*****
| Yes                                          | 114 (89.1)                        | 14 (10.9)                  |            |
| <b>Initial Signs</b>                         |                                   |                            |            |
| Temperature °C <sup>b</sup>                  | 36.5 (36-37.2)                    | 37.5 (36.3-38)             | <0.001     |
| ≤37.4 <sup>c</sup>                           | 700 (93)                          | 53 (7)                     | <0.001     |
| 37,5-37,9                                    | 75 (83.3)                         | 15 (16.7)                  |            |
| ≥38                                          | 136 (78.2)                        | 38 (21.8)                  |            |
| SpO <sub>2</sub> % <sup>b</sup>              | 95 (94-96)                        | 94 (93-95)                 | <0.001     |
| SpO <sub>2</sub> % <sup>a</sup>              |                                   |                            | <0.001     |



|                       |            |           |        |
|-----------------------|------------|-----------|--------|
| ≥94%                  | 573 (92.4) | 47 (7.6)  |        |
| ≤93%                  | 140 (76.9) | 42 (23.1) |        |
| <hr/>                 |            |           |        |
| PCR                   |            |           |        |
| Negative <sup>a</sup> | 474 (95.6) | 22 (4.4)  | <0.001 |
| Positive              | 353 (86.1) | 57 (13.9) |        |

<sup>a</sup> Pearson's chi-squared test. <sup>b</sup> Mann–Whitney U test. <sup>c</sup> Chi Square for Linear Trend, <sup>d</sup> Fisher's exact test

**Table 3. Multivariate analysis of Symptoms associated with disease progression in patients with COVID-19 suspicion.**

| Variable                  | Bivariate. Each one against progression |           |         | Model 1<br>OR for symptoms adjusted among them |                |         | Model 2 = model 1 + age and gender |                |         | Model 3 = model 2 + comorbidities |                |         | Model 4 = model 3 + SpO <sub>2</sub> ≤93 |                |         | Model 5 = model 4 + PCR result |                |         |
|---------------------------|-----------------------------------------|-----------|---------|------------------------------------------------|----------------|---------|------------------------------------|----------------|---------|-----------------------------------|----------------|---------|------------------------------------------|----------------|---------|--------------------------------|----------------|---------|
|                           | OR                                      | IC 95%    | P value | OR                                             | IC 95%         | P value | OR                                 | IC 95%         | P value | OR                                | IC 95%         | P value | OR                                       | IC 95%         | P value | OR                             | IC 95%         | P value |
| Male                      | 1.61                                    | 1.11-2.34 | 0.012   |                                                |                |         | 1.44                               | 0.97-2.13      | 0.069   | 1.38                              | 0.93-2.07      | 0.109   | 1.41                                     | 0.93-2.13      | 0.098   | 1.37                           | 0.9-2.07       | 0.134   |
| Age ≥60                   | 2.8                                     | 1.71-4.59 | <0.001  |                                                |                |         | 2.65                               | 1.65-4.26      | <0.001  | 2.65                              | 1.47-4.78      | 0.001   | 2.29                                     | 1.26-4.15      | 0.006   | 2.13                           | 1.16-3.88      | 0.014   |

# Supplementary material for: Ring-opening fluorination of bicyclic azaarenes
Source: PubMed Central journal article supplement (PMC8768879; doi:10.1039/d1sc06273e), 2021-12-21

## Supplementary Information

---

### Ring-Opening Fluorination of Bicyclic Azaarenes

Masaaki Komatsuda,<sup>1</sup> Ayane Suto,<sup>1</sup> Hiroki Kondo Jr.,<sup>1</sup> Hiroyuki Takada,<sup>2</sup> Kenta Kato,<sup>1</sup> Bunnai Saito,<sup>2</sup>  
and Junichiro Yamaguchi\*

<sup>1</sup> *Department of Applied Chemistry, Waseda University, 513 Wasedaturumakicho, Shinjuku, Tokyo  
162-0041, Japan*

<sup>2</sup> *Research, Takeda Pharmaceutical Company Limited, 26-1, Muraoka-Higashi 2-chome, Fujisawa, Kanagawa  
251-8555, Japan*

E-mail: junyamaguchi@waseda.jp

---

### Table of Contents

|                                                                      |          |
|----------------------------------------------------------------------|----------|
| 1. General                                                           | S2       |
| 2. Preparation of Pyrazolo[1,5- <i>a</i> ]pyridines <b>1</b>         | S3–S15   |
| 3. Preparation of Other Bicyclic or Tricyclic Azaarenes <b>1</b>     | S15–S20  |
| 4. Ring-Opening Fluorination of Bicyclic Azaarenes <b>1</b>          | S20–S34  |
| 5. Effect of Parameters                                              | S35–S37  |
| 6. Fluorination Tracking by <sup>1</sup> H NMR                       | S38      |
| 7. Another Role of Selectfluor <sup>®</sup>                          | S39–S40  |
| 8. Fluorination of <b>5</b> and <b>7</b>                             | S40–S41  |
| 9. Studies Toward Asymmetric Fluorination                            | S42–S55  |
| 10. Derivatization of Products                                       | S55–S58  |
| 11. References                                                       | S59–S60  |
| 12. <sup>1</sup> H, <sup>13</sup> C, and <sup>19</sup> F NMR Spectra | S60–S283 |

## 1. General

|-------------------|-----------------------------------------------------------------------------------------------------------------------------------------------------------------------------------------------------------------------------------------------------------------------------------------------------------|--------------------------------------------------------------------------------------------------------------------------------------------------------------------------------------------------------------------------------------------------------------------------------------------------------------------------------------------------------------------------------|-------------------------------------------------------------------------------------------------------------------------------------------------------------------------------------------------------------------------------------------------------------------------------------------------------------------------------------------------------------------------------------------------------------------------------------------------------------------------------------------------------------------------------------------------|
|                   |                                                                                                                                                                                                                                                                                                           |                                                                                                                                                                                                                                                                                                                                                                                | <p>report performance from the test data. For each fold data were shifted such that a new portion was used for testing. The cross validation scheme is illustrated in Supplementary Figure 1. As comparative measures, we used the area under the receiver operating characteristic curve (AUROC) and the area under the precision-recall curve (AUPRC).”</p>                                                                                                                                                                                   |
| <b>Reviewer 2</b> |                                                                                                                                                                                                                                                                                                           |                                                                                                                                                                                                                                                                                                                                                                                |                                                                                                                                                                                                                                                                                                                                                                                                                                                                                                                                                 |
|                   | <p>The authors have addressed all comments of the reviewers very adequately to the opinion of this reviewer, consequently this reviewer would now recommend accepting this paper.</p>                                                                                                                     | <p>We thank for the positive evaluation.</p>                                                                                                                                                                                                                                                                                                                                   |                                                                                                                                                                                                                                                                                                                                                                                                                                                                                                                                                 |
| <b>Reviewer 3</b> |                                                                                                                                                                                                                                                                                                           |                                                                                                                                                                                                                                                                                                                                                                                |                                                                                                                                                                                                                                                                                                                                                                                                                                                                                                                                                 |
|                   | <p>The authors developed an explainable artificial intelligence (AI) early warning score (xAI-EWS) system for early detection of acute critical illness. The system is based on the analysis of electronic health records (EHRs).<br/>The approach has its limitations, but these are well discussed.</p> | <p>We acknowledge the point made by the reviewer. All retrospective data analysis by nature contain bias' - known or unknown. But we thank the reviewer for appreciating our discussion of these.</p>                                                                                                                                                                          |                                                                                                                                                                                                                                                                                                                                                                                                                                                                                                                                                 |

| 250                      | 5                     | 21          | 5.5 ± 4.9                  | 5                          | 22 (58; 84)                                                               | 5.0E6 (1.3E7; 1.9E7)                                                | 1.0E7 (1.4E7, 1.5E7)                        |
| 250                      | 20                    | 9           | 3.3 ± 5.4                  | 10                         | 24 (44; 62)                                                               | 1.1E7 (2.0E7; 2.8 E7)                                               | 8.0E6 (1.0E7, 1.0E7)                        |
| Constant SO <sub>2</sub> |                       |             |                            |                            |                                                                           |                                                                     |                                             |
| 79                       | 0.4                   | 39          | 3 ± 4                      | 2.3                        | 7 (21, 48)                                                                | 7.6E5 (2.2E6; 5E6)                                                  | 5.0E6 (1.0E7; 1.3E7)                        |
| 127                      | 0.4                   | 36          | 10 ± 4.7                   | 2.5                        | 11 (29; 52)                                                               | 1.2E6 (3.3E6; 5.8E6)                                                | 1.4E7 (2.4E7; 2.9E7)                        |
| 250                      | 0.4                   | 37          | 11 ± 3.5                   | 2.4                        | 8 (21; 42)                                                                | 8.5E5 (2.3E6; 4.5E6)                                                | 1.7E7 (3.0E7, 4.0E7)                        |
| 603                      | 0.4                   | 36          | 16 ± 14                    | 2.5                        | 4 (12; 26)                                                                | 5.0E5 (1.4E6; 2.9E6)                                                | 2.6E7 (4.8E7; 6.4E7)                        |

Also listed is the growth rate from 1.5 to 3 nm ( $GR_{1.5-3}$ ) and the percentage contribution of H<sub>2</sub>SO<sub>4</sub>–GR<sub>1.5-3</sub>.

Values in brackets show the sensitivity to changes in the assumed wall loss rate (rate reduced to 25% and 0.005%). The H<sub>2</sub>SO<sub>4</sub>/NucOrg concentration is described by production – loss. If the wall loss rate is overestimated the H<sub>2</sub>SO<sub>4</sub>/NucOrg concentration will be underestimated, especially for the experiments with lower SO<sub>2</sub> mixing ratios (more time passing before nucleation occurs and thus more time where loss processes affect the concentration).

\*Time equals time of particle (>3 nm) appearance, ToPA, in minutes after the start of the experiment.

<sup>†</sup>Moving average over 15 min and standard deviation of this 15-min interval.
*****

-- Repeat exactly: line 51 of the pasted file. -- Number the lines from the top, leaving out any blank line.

| 12. <sup>1</sup> H, <sup>13</sup> C, and <sup>19</sup> F NMR Spectra | S60–S283 |